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Excerpt from Oral History Interview with Grace Towns Hamilton, July 19, 1974. Interview G-0026. Southern Oral History Program Collection (#4007) See Entire Interview >>

Working with the YWCA and discussing the Y's racial politics

Hamilton discusses her work with the YWCA, first as a student at Atlanta University during the mid-1920s and later on as the girl's work secretary at the African American branch in Columbus, Ohio. Hamilton explains here how she believed the YWCA to be especially progressive for the day, specifically in reference to its racial politics. Although she describes here how conferences were segregated, she believed the YWCA tended to transgress racial barriers sooner than other organizations.

Citing this Excerpt

Oral History Interview with Grace Towns Hamilton, July 19, 1974. Interview G-0026. Southern Oral History Program Collection (#4007) in the Southern Oral History Program Collection, Southern Historical Collection, Wilson Library, University of North Carolina at Chapel Hill.

Full Text of the Excerpt

Well, I had been very active in the student association at the school, both locally, and then I had been elected a vice-president of the National Student Assembly, when I was a sophomore, I think it was. So that, you know, I was interested in the program of the YWCA. And that was one job offer, and the reason I… I know the reason I decided to go there was because I it as an opportunity to go to graduate school, as I did, after the first semester. And I did my graduate work in psychology at Ohio State.
JACQUELYN HALL:
Oh, I see. Tell me a little bit about the racial policies of the YWCA at that time. It seems to me that at least before 1920, and maybe after, the Y in the South was segregated.
GRACE TOWNS HAMILTON:
Oh, the Y… the thing to remember about the YWCA is that though they were like most institutions, they, I think, provided the cutting edge in raising the question and modifying their own practices.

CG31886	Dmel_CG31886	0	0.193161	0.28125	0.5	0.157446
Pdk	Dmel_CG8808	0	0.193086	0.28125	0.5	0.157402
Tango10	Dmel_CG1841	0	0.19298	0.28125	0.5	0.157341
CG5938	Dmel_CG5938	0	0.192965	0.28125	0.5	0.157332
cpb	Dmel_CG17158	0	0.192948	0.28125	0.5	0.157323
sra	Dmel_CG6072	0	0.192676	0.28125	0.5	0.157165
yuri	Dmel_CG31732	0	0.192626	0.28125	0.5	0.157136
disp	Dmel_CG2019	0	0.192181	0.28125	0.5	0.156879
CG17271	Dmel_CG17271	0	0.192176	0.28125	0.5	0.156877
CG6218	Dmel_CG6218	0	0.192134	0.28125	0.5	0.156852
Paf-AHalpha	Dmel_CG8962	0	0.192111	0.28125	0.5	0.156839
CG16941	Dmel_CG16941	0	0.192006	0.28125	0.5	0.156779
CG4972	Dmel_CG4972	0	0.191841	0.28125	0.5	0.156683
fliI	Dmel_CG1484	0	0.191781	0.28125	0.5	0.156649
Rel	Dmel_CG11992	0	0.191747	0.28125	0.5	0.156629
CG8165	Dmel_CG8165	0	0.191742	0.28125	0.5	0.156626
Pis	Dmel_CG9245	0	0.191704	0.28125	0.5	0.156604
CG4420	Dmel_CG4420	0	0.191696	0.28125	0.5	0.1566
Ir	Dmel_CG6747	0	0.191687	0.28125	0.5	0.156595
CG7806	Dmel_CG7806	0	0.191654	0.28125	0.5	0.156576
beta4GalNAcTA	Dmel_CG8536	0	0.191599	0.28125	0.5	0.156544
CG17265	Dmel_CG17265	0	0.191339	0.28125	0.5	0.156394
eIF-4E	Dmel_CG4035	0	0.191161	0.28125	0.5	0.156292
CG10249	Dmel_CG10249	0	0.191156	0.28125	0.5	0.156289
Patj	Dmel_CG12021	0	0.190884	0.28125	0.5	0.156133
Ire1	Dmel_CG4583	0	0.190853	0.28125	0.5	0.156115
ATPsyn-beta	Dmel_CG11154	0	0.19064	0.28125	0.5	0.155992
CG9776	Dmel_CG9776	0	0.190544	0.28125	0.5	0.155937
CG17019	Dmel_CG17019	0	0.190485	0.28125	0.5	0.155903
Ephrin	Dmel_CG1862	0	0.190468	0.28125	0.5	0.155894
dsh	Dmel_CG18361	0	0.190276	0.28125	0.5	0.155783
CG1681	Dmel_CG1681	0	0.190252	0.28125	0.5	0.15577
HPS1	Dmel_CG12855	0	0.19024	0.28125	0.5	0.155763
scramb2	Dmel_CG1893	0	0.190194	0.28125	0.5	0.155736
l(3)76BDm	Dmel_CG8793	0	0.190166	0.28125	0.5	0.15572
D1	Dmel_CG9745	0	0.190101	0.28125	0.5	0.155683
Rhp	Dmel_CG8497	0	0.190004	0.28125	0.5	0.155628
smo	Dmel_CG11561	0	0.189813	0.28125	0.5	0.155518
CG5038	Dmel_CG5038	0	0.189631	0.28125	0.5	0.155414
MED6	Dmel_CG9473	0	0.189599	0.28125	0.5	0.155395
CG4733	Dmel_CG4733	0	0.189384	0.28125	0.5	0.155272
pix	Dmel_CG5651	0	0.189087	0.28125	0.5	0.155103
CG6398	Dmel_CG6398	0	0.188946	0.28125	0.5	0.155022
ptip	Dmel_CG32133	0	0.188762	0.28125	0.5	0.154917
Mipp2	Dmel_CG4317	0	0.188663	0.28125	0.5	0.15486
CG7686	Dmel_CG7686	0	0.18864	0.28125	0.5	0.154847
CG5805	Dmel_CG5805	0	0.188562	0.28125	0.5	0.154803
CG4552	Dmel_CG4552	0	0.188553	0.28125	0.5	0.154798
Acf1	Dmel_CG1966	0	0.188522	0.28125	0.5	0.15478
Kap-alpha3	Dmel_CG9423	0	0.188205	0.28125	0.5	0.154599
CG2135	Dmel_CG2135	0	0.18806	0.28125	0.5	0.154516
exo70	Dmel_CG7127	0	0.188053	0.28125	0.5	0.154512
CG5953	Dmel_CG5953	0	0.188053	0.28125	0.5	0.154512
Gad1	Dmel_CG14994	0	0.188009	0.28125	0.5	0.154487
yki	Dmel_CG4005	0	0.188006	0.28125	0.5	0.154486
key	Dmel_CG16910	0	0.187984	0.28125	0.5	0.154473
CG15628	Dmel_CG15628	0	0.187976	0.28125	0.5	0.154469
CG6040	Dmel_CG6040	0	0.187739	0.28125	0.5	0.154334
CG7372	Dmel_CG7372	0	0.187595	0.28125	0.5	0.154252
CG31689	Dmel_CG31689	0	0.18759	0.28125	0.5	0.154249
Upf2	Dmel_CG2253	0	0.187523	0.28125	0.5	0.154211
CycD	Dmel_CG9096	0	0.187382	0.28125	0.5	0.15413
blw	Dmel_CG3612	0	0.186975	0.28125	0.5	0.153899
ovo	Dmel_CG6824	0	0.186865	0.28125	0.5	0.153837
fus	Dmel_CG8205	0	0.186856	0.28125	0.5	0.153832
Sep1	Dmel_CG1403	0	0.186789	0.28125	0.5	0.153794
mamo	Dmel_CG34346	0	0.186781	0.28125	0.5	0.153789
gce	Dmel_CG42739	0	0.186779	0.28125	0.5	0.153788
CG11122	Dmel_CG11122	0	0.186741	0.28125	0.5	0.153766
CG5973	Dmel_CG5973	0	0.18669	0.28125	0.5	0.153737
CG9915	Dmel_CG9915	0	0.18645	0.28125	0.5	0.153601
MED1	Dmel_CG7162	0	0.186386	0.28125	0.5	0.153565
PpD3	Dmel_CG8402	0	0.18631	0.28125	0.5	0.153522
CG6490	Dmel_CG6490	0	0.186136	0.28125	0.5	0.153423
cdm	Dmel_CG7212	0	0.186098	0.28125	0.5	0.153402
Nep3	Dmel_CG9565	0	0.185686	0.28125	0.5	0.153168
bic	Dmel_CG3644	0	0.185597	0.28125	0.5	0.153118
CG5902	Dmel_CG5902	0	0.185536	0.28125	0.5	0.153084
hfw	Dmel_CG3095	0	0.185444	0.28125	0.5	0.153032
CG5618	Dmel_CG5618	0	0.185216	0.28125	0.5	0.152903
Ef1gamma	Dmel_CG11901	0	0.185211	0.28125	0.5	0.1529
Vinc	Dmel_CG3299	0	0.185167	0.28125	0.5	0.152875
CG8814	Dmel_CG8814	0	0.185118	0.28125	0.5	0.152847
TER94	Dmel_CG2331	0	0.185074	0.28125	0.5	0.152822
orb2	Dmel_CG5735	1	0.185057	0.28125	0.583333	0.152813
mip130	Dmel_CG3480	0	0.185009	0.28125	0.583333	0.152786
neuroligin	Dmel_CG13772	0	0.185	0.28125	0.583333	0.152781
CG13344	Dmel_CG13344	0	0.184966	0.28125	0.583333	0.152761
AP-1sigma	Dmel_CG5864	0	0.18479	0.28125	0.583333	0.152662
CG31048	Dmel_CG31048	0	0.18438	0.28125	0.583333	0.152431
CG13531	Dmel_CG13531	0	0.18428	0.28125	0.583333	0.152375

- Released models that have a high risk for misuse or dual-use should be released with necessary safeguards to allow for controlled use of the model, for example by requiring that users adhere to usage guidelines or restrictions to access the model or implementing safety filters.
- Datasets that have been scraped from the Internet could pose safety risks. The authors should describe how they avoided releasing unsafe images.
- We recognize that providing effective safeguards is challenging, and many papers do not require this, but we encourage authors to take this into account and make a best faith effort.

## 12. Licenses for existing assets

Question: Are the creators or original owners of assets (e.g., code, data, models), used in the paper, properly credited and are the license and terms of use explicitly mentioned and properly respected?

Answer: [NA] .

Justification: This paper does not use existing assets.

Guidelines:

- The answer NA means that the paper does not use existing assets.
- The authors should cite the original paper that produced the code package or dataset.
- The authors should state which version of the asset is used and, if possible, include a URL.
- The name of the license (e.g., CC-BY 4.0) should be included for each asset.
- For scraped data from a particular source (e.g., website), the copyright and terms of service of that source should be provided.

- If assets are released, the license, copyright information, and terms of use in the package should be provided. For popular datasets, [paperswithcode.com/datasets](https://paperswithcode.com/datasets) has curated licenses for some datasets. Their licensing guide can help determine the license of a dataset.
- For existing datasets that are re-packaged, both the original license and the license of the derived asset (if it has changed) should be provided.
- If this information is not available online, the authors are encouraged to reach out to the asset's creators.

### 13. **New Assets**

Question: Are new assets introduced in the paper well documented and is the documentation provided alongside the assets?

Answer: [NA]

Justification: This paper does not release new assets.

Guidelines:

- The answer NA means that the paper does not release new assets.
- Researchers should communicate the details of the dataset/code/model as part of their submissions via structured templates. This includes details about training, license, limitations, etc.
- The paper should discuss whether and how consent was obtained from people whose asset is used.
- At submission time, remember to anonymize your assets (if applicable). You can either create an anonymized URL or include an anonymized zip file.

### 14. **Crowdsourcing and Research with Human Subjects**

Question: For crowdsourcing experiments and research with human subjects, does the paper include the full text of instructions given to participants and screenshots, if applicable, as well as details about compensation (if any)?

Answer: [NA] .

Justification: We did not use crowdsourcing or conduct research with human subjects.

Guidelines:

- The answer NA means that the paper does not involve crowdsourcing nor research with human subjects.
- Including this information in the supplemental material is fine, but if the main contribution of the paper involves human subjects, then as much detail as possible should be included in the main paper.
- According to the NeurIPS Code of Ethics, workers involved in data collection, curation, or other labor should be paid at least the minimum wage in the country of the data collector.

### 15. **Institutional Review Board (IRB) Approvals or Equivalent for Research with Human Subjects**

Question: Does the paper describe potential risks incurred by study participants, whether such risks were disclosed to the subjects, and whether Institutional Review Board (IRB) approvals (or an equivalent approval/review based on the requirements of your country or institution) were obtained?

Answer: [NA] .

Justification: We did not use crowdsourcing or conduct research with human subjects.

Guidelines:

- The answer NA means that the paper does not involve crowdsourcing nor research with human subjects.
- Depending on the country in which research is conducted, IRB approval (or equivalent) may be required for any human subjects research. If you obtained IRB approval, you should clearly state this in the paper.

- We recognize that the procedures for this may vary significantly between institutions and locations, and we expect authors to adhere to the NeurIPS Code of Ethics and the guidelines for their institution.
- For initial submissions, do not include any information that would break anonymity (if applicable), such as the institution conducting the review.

JACQUELYN HALL:
Even in the South?
GRACE TOWNS HAMILTON:
Oh, yes, even in the South. Earlier than any other institution. I know much before the YWCA was so bold as to question the practices, because…
JACQUELYN HALL:
Where and when did that begin?
GRACE TOWNS HAMILTON:
Well, that began even when I was a student. I graduated from college in 1927, and there were Negro members of the, what was then called the Regional Student Council, elected from all the student associations across the country. But there was… there would be… the conferences were segregated conferences. Summer conferences, which the major program event in the college YWCA. There were segregated conferences.
JACQUELYN HALL:
Were they held at Blue Ridge?
GRACE TOWNS HAMILTON:
The white conference was held at Blue Ridge, and the Negro conference was held at College, most frequently. The one in the southern region. And the YWCA had an integrated council. The Negro members were elected from the conference, and the white members were elected from Blue Ridge. And then they'd have their joint council meetings. But it was a big deal about finding places for the meeting in the region, and much todo. But that is the origin of the YWCA's early questioning, and they… From that period on, they were, you know, among the groups that were regarded as radical, because they presumed to…
JACQUELYN HALL:
Was there a difference between the student council… the student part of the Y and the…
GRACE TOWNS HAMILTON:
Well, it was a unit. It was a business unit And I think the student… I think the student department was always the cutting edge at that period, but they also participated… were a part of the national convention, where policy was made. So they would have their impact on… the student movement, I think, would have its … I know it had its impact on moving the whole YWCA organization ahead in the area of race relations.